Question: There are several languages in modern psychology; for example, direct conversation or psychotherapeutic metaphor, the purpose of which is to create a fairytale for a specific person where he can defeat his problem. Through this language, the fairytale penetrates the person’s consciousness.
I know that you use different languages when teaching people. What is the best way to use them and where?
Answer: We have many specific articles about integral upbringing, about moving towards integration, unity, about coming out of one’s “I” towards “we,” from “we” towards “one” where even “we” becomes lost, and unity appears instead of it—just unity. There are many examples and images regarding it.
But we do not classify language because we do not use a psychological approach, the one used by the modern psychology, even though we approve of it and are happy that it has evolved so much that it helps us advance.
We do not have a system like this. I hope that once psychologists come to us, “break away” from their boundaries, and learn ours, they will create specific tables, workbooks.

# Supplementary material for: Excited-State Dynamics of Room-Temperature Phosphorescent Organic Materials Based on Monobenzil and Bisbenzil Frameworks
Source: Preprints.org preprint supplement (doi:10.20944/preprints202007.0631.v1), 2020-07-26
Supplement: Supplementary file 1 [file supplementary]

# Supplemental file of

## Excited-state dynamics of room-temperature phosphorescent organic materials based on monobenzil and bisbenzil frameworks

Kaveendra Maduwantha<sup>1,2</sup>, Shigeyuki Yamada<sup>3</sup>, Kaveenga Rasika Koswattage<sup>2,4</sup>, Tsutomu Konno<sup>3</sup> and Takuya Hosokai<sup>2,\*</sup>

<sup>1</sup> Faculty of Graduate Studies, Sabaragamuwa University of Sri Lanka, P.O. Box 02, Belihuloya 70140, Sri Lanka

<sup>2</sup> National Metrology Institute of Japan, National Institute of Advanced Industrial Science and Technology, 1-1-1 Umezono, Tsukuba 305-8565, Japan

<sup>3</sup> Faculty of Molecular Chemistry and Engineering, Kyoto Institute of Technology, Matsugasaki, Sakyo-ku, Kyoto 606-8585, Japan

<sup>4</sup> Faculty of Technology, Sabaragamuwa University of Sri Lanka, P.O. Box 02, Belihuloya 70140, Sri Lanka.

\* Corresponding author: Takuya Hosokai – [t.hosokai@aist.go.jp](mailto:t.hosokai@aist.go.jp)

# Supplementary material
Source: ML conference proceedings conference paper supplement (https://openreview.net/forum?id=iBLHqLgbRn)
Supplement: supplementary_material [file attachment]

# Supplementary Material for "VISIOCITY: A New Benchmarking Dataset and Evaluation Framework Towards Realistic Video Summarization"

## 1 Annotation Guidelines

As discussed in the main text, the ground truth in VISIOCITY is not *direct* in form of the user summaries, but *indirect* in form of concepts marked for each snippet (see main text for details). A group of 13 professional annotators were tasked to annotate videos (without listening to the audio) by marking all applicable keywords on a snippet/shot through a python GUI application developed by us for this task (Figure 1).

We do not have this. We believe that our work is so multi-faceted and it is done in an ever-changing society with changing circumstances to which we always apply very different materials. We are very flexible. It is possible that during one lesson in a single group conversation, in a single discussion, you might experience several such states which might not fit into any clear framework of conduct consistent with the group.
I observe this during my lessons, when I have a face-to-face conversations with students and their questions, which include materials from completely different levels and different forms.
Comment: One of these languages is the language of joking, humor, etc.
Answer: It is used constantly, wherever possible, but only to the extent that it is able to clear the air and to help with uniting because this is the only goal; in other words, you use whatever helps.
Humor is very good because it relaxes the situation. It frees the subcortex and helps the person to come “out of himself”—and the person enters a new level.
Humor reveals completely different communication and thinking possibilities. It is a method of rising to a new level. It is so unconcrete that a new degree of our development forms in it, and this is why we encourage it a lot.
From a “Talk on Integral Education” #11, 12/16/11